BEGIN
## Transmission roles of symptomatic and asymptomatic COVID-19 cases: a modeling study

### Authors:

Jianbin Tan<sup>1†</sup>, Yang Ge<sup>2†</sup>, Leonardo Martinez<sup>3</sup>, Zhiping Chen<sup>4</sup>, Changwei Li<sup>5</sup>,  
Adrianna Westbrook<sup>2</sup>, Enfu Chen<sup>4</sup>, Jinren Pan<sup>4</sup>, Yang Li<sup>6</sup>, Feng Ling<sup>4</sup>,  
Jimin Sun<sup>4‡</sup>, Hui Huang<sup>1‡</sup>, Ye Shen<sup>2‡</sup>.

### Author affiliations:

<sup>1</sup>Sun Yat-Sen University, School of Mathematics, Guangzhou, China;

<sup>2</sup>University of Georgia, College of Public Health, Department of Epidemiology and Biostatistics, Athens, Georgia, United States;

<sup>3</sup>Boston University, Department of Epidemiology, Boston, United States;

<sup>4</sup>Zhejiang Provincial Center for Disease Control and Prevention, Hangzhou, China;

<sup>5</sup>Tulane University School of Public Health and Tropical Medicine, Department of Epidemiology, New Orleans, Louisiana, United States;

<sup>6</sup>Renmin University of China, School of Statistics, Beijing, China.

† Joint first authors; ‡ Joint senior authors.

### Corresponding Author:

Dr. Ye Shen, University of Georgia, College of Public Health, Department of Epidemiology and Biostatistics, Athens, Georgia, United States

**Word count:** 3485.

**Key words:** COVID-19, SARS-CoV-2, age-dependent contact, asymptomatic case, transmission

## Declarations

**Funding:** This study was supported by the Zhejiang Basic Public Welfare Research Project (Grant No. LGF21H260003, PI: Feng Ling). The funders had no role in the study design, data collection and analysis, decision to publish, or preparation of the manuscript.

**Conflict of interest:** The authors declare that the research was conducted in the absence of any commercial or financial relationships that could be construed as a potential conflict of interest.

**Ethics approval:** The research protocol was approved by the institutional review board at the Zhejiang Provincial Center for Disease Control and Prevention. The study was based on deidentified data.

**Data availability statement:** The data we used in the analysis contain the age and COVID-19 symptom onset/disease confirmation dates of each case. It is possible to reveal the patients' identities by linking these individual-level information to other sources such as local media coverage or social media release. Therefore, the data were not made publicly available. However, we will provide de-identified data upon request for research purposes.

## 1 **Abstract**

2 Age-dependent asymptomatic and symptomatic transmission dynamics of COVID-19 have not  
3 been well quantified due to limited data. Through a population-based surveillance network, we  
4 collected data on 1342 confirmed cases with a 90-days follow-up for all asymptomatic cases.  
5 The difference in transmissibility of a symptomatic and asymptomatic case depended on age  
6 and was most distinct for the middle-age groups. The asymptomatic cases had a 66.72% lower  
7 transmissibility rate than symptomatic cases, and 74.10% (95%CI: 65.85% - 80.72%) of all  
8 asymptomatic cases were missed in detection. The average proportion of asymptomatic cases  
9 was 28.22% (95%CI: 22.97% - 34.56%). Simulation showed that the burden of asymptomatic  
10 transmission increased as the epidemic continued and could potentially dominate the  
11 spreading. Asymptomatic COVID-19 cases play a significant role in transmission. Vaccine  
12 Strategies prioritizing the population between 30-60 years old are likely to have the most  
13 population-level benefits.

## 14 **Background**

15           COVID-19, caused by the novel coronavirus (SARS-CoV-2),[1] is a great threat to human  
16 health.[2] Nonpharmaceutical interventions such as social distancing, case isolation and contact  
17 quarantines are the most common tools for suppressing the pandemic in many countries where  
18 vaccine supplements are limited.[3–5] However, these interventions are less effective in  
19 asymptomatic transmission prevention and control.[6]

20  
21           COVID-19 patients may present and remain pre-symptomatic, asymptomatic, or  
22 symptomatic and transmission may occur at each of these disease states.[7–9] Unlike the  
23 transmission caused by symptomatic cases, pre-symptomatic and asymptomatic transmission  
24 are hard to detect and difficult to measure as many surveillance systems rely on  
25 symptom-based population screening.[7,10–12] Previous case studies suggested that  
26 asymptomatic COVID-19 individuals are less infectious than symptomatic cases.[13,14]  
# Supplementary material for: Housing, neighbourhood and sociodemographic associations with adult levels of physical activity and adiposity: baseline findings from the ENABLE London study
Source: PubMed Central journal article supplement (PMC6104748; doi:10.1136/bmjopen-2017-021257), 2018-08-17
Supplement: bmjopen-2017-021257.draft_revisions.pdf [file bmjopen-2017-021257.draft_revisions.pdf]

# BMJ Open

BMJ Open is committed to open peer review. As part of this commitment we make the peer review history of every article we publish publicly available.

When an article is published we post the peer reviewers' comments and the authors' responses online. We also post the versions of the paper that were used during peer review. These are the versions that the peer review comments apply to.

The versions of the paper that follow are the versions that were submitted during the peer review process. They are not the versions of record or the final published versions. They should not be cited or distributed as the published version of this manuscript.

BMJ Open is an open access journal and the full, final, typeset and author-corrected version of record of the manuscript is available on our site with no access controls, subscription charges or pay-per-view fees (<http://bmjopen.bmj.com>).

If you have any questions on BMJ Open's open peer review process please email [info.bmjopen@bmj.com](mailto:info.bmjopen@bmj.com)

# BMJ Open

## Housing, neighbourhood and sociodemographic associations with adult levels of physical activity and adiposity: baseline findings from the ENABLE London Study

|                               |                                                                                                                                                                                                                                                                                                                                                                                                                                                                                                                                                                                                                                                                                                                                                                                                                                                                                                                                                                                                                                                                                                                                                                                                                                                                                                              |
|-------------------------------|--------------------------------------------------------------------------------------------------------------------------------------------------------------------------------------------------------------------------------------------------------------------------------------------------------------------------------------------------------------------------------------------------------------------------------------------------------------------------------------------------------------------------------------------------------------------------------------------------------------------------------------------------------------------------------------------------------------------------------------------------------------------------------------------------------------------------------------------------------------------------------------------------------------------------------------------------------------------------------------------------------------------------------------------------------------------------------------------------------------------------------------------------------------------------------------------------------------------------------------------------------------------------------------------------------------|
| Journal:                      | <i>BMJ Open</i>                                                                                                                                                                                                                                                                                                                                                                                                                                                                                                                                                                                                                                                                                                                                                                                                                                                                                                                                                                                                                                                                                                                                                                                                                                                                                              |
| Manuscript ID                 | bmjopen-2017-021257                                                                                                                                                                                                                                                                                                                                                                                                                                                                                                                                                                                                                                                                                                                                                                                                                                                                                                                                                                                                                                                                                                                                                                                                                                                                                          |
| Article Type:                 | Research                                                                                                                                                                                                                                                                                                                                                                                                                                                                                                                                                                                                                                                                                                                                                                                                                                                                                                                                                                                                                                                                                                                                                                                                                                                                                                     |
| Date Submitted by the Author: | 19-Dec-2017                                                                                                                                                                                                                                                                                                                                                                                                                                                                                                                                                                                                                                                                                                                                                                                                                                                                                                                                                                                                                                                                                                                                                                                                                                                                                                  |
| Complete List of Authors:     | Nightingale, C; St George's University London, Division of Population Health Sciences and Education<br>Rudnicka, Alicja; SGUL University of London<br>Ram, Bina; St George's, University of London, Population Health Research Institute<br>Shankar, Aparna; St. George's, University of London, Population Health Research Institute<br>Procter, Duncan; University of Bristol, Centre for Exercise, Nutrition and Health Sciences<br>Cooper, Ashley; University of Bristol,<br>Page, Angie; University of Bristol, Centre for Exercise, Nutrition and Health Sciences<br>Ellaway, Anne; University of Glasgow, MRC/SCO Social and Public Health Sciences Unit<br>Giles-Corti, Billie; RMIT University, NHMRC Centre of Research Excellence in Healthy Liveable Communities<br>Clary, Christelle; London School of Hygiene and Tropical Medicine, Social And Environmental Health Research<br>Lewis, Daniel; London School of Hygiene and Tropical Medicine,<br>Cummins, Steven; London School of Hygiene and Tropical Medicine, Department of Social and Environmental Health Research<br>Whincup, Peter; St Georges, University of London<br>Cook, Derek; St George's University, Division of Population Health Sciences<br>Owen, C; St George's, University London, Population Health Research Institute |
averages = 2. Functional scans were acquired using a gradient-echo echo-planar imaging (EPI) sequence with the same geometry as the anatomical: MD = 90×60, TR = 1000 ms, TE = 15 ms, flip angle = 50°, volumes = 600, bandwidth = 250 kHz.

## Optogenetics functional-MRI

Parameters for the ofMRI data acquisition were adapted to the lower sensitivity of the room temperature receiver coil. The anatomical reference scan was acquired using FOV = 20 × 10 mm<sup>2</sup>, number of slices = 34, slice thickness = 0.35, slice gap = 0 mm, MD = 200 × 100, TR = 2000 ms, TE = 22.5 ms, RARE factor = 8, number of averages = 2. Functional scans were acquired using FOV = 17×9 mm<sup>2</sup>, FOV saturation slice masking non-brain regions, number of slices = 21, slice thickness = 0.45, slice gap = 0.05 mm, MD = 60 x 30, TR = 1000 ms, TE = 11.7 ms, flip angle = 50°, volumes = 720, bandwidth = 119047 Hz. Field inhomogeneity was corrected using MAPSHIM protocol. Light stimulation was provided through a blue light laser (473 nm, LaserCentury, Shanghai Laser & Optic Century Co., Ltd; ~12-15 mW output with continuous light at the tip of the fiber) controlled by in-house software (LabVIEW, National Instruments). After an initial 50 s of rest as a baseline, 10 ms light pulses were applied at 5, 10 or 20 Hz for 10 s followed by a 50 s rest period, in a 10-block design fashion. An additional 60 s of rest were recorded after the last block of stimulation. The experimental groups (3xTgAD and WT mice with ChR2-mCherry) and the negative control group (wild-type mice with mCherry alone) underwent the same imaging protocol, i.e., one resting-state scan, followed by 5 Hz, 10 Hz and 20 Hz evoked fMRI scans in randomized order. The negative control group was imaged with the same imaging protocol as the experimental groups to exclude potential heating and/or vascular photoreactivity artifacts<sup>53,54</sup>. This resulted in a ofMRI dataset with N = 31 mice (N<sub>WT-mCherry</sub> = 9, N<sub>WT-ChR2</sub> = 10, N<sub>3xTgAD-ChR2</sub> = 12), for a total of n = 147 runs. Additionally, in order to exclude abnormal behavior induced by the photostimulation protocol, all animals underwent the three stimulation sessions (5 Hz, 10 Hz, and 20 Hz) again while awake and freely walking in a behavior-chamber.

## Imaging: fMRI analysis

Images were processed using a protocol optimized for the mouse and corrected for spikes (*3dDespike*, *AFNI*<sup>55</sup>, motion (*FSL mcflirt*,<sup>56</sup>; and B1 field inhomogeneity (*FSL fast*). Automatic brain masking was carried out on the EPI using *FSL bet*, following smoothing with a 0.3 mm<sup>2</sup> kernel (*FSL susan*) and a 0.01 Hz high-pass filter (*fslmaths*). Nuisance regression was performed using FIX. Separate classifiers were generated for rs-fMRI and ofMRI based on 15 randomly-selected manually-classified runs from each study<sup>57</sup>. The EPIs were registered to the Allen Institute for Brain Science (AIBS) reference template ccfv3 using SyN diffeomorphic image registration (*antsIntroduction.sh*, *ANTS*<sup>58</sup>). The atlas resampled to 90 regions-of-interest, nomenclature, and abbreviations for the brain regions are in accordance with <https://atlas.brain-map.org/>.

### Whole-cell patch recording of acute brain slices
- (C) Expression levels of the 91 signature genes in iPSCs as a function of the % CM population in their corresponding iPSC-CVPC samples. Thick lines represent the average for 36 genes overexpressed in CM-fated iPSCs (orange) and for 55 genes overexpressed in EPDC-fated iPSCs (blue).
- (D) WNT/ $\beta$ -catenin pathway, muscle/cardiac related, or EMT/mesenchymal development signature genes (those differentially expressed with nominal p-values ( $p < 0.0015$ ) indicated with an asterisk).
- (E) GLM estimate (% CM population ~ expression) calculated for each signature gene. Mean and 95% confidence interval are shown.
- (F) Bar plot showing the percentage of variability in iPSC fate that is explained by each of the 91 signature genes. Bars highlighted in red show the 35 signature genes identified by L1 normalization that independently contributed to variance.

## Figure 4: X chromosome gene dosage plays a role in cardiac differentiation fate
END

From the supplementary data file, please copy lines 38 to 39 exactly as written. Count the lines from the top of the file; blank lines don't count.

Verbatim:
16 health.[2] Nonpharmaceutical interventions such as social distancing, case isolation and contact  
17 quarantines are the most common tools for suppressing the pandemic in many countries where  